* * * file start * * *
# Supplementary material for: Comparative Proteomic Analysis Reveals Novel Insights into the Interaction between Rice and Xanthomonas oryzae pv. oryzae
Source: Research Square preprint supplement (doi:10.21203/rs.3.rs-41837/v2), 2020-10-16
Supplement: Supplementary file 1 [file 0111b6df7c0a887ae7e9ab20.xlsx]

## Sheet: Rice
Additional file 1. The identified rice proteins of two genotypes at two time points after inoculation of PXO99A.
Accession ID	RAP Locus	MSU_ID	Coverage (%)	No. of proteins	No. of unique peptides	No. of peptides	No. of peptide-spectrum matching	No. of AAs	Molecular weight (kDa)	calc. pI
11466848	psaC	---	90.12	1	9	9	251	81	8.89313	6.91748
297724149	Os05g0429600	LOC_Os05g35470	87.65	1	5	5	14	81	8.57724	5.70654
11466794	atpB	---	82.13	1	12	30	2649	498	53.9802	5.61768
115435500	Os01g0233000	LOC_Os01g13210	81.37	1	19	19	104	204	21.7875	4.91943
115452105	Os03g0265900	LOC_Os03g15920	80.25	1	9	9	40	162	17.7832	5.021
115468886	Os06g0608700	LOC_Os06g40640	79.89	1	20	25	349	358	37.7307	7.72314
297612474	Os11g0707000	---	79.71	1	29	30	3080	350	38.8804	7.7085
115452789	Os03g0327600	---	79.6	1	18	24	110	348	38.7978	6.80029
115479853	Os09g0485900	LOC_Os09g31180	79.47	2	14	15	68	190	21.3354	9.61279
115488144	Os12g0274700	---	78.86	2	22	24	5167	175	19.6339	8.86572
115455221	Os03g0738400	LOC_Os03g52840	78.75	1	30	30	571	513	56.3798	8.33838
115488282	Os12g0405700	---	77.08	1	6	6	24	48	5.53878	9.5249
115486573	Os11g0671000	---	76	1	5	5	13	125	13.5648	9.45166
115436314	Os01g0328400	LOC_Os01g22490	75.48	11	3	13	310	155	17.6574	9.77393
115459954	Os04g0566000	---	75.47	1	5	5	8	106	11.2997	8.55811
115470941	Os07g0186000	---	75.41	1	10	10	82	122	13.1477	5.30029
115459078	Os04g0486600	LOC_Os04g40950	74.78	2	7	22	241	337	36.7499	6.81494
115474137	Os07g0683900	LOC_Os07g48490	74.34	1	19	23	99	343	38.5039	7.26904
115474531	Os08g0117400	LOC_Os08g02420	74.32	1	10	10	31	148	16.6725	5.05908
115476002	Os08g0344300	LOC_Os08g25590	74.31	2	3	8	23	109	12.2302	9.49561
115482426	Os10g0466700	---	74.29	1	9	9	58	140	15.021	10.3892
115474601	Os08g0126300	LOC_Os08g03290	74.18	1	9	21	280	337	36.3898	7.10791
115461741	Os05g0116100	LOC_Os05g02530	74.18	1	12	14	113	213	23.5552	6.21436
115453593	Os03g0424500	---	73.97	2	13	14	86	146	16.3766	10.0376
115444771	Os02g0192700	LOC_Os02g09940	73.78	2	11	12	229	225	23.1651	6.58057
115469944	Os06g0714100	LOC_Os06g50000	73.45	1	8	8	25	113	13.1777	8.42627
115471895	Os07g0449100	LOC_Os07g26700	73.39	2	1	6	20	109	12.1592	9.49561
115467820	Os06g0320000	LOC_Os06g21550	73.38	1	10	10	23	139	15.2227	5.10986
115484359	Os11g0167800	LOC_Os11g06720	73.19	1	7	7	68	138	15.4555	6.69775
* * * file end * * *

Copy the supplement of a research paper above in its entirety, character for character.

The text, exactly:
# Supplementary material for: Comparative Proteomic Analysis Reveals Novel Insights into the Interaction between Rice and Xanthomonas oryzae pv. oryzae
Source: Research Square preprint supplement (doi:10.21203/rs.3.rs-41837/v2), 2020-10-16
Supplement: Supplementary file 1 [file 0111b6df7c0a887ae7e9ab20.xlsx]

## Sheet: Rice
Additional file 1. The identified rice proteins of two genotypes at two time points after inoculation of PXO99A.
Accession ID	RAP Locus	MSU_ID	Coverage (%)	No. of proteins	No. of unique peptides	No. of peptides	No. of peptide-spectrum matching	No. of AAs	Molecular weight (kDa)	calc. pI
11466848	psaC	---	90.12	1	9	9	251	81	8.89313	6.91748
297724149	Os05g0429600	LOC_Os05g35470	87.65	1	5	5	14	81	8.57724	5.70654
11466794	atpB	---	82.13	1	12	30	2649	498	53.9802	5.61768
115435500	Os01g0233000	LOC_Os01g13210	81.37	1	19	19	104	204	21.7875	4.91943
115452105	Os03g0265900	LOC_Os03g15920	80.25	1	9	9	40	162	17.7832	5.021
115468886	Os06g0608700	LOC_Os06g40640	79.89	1	20	25	349	358	37.7307	7.72314
297612474	Os11g0707000	---	79.71	1	29	30	3080	350	38.8804	7.7085
115452789	Os03g0327600	---	79.6	1	18	24	110	348	38.7978	6.80029
115479853	Os09g0485900	LOC_Os09g31180	79.47	2	14	15	68	190	21.3354	9.61279
115488144	Os12g0274700	---	78.86	2	22	24	5167	175	19.6339	8.86572
115455221	Os03g0738400	LOC_Os03g52840	78.75	1	30	30	571	513	56.3798	8.33838
115488282	Os12g0405700	---	77.08	1	6	6	24	48	5.53878	9.5249
115486573	Os11g0671000	---	76	1	5	5	13	125	13.5648	9.45166
115436314	Os01g0328400	LOC_Os01g22490	75.48	11	3	13	310	155	17.6574	9.77393
115459954	Os04g0566000	---	75.47	1	5	5	8	106	11.2997	8.55811
115470941	Os07g0186000	---	75.41	1	10	10	82	122	13.1477	5.30029
115459078	Os04g0486600	LOC_Os04g40950	74.78	2	7	22	241	337	36.7499	6.81494
115474137	Os07g0683900	LOC_Os07g48490	74.34	1	19	23	99	343	38.5039	7.26904
115474531	Os08g0117400	LOC_Os08g02420	74.32	1	10	10	31	148	16.6725	5.05908
115476002	Os08g0344300	LOC_Os08g25590	74.31	2	3	8	23	109	12.2302	9.49561
115482426	Os10g0466700	---	74.29	1	9	9	58	140	15.021	10.3892
115474601	Os08g0126300	LOC_Os08g03290	74.18	1	9	21	280	337	36.3898	7.10791
115461741	Os05g0116100	LOC_Os05g02530	74.18	1	12	14	113	213	23.5552	6.21436
115453593	Os03g0424500	---	73.97	2	13	14	86	146	16.3766	10.0376
115444771	Os02g0192700	LOC_Os02g09940	73.78	2	11	12	229	225	23.1651	6.58057
115469944	Os06g0714100	LOC_Os06g50000	73.45	1	8	8	25	113	13.1777	8.42627
115471895	Os07g0449100	LOC_Os07g26700	73.39	2	1	6	20	109	12.1592	9.49561
115467820	Os06g0320000	LOC_Os06g21550	73.38	1	10	10	23	139	15.2227	5.10986
115484359	Os11g0167800	LOC_Os11g06720	73.19	1	7	7	68	138	15.4555	6.69775